15 Depression Someone who is depressed might feel… Sad, low, weepy, guilty, despairing, overwhelmed or numb Fed up and irritable, and snap at those closest to them Lonely, even when they are with other people Particularly low in the morning Tired all the time Preoccupied and find it hard to enjoy things Hopeless about the future They might also… Find it hard to get out of bed and to get going Be restless and unable to settle to anything Have trouble with concentration or memory Eat and sleep more or less Stopping seeing people and doing things they enjoy Lack confidence in self Be harsh on self “ not good enough” Think negatively about the world Think about self-harm

16 Anxiety Pain or tightness in the chest Fast, shallow breathing Fast or pounding heart beat Feeling dizzy or faint Tense or aching muscles Headaches Sweating Stomach churning Needing to go to the toilet Trembling Pins and needles or numbness Fearing the worst Worrying Can’t concentrate Fidgety, can’t relax Irritable Avoid feared situations

17 Unhelpful health beliefs Difficulty adjusting to situation Also…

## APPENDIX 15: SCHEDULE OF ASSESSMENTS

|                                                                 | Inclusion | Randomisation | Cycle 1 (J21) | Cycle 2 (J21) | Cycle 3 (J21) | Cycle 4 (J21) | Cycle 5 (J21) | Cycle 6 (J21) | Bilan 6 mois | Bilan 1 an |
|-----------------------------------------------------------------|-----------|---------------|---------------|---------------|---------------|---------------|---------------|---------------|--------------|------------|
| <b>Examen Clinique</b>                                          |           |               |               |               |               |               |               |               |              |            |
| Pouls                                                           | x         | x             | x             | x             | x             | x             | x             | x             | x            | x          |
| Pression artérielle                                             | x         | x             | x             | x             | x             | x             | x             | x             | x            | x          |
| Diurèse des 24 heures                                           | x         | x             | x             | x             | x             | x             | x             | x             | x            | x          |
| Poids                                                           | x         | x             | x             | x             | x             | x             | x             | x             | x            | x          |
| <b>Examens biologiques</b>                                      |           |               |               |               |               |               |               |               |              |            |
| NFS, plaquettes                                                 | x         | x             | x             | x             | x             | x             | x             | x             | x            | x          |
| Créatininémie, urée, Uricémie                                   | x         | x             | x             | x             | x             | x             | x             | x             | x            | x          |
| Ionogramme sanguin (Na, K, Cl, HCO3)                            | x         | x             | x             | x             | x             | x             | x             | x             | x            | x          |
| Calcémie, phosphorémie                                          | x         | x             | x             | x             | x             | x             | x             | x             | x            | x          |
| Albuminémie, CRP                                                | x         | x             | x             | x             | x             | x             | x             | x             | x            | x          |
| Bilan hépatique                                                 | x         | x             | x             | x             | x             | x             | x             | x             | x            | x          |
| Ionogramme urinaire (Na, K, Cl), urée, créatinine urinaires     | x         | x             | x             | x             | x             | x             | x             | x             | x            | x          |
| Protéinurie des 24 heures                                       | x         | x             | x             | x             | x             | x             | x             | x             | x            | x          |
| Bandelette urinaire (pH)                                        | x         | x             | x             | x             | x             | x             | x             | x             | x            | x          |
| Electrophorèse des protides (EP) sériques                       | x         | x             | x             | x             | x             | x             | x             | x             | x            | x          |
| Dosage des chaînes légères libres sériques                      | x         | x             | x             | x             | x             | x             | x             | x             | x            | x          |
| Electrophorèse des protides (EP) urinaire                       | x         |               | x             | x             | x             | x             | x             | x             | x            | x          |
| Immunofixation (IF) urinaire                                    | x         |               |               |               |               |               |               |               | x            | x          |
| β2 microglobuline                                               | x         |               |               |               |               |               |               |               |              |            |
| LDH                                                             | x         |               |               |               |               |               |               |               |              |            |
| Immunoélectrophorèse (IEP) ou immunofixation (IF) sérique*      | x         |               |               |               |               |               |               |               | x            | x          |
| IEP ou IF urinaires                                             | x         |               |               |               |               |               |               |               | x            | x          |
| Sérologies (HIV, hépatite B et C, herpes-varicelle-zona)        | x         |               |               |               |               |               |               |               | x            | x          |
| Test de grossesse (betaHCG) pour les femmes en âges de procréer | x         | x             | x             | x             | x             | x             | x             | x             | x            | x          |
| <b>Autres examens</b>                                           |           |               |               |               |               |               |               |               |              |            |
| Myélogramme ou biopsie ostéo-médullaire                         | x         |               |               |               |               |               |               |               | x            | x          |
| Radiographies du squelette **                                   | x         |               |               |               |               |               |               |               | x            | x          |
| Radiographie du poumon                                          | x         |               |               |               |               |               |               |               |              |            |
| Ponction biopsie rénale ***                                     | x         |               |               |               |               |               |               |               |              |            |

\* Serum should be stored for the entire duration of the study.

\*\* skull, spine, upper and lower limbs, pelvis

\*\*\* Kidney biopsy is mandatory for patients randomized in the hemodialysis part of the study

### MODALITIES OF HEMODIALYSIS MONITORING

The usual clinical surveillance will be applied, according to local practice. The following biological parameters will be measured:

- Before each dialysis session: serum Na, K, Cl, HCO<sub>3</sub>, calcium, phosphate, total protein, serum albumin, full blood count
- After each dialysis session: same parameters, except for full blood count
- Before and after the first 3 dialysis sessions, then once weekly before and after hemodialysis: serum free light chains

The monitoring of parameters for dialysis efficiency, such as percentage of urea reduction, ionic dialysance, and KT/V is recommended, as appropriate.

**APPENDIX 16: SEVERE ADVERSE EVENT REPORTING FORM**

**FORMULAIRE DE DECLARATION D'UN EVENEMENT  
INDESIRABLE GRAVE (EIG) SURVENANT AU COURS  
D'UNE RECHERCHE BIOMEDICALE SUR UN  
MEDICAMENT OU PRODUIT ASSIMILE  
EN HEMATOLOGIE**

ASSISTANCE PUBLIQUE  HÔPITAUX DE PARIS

18 Symptoms may be difficult to distinguish from symptoms of physical illness and may interfere with investigations or interventions. Depression and anxiety may lead to poorer outcomes through direct physiological mechanisms, by decreasing adherence to treatment and by increasing unhealthy behaviour such as smoking, poor diet and lack of exercise Predict increased length of hospital stay, more outpatient visits, poorer quality of life (Koenig and Kuchibhatla, 1998), greater disability (Pohjasvaara et al, 2001), increased admissions and health care costs, poorer concordance with treatments (NHS, 2009) and poorer health outcomes, for example, increased death rate after a heart attack (DH, 2009) Often predict functioning better than medical variables do Impact of anxiety and depression

19 Bi-directional association with diabetic complications, which may induce low mood, self- blame and helplessness, but also be influenced by poorer self-care and physiological mechanisms Depression in diabetes